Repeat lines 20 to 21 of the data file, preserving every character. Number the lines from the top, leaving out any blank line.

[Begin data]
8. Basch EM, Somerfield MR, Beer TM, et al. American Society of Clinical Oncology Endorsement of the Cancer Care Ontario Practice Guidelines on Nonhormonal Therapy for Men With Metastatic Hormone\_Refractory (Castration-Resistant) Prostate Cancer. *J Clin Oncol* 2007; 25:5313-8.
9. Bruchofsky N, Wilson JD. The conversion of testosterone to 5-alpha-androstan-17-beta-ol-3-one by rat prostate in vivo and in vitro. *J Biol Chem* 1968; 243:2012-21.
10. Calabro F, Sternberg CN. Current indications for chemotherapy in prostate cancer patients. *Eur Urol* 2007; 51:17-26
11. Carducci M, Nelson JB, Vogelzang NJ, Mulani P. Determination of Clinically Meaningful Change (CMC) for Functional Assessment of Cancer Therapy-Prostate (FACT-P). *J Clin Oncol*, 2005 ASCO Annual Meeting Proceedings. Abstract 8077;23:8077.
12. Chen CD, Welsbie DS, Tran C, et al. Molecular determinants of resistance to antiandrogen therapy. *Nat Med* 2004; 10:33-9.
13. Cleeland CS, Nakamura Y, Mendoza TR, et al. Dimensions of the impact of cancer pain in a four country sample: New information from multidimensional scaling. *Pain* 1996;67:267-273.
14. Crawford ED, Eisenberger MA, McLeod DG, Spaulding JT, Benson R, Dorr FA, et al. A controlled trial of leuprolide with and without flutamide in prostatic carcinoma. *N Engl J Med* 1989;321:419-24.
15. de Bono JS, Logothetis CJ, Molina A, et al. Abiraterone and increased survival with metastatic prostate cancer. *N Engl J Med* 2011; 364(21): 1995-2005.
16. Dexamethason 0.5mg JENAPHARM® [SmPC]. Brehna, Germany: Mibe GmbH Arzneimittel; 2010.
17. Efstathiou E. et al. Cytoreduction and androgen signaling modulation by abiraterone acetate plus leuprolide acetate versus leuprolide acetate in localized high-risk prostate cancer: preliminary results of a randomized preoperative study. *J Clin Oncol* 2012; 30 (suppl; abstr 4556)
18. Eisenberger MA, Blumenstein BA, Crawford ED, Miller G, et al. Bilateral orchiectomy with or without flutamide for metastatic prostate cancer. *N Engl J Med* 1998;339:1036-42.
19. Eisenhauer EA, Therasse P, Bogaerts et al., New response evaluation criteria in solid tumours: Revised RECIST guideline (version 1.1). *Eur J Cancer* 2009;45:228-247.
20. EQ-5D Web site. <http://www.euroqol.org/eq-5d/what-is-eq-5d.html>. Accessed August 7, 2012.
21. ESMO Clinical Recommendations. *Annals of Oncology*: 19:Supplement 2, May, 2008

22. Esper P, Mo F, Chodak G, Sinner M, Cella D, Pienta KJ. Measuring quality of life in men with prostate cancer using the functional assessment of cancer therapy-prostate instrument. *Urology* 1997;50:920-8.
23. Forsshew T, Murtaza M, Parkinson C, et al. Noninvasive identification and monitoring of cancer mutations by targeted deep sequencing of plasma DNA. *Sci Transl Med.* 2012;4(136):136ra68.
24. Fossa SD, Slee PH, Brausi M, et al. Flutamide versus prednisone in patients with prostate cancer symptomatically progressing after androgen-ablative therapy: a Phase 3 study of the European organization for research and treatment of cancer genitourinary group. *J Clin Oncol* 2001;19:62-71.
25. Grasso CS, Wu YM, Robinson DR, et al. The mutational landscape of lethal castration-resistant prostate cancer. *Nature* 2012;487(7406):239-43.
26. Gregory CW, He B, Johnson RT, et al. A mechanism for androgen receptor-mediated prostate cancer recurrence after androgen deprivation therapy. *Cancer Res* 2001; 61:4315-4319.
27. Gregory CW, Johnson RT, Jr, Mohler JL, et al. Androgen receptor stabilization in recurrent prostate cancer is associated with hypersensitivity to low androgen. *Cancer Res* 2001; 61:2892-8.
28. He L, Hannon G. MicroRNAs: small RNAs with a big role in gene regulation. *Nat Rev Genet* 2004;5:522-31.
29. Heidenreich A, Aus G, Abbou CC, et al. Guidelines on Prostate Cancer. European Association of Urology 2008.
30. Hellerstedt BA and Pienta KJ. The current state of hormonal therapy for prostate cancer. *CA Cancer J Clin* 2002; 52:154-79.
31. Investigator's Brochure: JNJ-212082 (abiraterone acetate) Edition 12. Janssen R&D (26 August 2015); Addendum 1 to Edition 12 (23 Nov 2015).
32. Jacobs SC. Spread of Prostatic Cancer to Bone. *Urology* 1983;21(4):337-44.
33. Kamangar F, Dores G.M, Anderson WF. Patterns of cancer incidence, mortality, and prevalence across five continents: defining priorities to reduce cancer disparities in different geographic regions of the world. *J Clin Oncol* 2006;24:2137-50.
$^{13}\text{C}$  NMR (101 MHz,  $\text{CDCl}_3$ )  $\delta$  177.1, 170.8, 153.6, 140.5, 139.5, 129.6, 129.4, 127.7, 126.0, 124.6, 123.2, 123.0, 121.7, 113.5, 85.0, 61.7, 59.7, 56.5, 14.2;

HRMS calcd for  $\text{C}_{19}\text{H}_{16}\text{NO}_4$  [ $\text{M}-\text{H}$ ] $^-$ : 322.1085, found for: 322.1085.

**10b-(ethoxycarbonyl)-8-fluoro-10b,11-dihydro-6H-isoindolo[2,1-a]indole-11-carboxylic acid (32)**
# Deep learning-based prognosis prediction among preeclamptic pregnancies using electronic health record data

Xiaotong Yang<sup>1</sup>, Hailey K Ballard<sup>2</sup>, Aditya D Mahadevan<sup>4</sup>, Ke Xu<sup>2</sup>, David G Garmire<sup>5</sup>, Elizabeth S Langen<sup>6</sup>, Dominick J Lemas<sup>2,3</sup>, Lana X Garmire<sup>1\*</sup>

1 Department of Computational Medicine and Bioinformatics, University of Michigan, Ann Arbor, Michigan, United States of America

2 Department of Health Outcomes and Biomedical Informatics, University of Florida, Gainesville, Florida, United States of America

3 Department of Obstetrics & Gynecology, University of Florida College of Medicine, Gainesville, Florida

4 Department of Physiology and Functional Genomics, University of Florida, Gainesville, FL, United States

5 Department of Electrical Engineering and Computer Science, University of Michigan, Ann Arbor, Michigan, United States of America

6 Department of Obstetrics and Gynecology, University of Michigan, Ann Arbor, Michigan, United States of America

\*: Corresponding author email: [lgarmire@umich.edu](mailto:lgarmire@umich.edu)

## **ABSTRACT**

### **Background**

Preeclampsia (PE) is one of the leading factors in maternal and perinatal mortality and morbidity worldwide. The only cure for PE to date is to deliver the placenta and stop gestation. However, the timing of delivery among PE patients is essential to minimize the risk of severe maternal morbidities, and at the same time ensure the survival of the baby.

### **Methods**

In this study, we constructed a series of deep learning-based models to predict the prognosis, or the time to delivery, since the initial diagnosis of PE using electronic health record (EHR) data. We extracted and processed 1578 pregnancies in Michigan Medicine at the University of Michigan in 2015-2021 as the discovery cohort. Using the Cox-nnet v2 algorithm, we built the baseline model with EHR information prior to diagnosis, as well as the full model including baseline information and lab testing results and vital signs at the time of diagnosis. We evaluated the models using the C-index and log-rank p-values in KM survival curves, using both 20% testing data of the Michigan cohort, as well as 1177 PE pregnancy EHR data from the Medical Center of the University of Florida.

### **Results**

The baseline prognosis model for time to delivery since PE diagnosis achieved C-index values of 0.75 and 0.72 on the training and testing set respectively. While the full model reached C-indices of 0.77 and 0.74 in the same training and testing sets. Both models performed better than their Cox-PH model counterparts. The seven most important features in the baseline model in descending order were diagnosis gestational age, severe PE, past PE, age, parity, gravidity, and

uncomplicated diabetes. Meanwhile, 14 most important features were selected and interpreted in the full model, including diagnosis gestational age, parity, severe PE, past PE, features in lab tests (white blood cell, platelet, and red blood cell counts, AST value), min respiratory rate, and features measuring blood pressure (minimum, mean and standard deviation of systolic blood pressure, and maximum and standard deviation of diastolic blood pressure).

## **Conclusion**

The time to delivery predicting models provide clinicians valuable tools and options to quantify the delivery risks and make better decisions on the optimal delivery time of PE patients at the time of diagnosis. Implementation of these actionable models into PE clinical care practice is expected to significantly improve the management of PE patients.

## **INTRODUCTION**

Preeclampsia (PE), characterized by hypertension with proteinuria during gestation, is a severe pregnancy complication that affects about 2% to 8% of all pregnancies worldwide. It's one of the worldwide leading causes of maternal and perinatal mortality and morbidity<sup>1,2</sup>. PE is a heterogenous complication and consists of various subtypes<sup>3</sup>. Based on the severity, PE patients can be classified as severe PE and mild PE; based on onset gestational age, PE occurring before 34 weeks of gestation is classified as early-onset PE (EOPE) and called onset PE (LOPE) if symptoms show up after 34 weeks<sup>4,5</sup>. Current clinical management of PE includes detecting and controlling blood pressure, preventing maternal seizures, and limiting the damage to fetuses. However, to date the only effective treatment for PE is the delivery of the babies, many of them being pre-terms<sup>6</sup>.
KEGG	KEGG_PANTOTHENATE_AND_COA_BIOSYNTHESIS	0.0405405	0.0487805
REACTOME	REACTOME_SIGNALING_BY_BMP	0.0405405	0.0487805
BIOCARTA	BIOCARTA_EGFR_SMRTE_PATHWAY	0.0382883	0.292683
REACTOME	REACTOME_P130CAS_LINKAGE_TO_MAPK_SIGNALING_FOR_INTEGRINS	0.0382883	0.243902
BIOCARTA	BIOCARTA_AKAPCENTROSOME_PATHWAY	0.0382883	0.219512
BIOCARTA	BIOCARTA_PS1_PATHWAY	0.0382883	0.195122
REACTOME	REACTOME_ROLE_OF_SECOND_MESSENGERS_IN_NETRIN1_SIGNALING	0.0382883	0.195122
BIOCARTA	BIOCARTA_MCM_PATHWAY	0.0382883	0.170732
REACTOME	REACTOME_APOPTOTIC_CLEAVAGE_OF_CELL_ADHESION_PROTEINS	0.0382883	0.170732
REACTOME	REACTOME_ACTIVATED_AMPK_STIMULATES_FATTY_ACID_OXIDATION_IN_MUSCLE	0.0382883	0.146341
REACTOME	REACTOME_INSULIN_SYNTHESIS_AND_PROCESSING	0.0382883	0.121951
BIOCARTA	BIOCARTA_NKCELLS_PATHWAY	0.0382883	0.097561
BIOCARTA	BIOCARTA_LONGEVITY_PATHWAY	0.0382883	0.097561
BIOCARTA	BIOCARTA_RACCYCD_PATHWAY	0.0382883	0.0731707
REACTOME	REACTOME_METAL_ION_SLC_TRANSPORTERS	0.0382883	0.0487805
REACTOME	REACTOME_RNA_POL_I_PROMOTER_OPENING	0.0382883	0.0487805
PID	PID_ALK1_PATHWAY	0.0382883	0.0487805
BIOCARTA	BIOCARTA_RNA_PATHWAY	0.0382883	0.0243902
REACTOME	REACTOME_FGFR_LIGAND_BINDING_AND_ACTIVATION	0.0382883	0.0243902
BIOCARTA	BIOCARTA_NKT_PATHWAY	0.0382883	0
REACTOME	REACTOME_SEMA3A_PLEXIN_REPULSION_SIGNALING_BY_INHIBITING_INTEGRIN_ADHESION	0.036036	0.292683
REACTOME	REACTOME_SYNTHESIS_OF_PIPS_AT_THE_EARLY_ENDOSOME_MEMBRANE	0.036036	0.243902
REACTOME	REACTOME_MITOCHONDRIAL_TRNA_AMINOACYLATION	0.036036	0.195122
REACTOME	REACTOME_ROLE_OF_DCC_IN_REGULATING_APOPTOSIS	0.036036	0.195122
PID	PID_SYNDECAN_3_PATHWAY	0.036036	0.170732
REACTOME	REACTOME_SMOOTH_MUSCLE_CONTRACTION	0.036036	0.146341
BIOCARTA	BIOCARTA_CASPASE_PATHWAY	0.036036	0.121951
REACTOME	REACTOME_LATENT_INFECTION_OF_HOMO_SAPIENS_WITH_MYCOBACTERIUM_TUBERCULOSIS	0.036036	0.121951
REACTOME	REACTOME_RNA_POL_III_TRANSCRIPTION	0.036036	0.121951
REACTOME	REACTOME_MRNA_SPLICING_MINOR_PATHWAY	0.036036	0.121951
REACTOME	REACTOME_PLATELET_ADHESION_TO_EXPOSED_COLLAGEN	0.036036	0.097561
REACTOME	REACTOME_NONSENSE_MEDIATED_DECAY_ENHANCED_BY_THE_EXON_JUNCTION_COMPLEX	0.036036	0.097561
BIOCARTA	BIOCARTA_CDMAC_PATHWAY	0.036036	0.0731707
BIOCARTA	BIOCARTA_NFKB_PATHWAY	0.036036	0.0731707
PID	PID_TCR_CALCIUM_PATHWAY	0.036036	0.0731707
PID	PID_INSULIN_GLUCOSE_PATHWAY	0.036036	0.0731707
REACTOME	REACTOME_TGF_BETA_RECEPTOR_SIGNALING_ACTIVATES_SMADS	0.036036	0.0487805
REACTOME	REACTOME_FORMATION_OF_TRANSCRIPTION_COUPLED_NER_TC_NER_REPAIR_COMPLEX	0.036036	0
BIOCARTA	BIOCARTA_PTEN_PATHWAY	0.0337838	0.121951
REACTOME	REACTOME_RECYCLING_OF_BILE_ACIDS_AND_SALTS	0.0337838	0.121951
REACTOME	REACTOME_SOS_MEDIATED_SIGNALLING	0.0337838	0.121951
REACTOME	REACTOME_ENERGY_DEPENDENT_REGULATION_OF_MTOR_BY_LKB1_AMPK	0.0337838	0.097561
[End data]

27. Gregory CW, Johnson RT, Jr, Mohler JL, et al. Androgen receptor stabilization in recurrent prostate cancer is associated with hypersensitivity to low androgen. *Cancer Res* 2001; 61:2892-8.
28. He L, Hannon G. MicroRNAs: small RNAs with a big role in gene regulation. *Nat Rev Genet* 2004;5:522-31.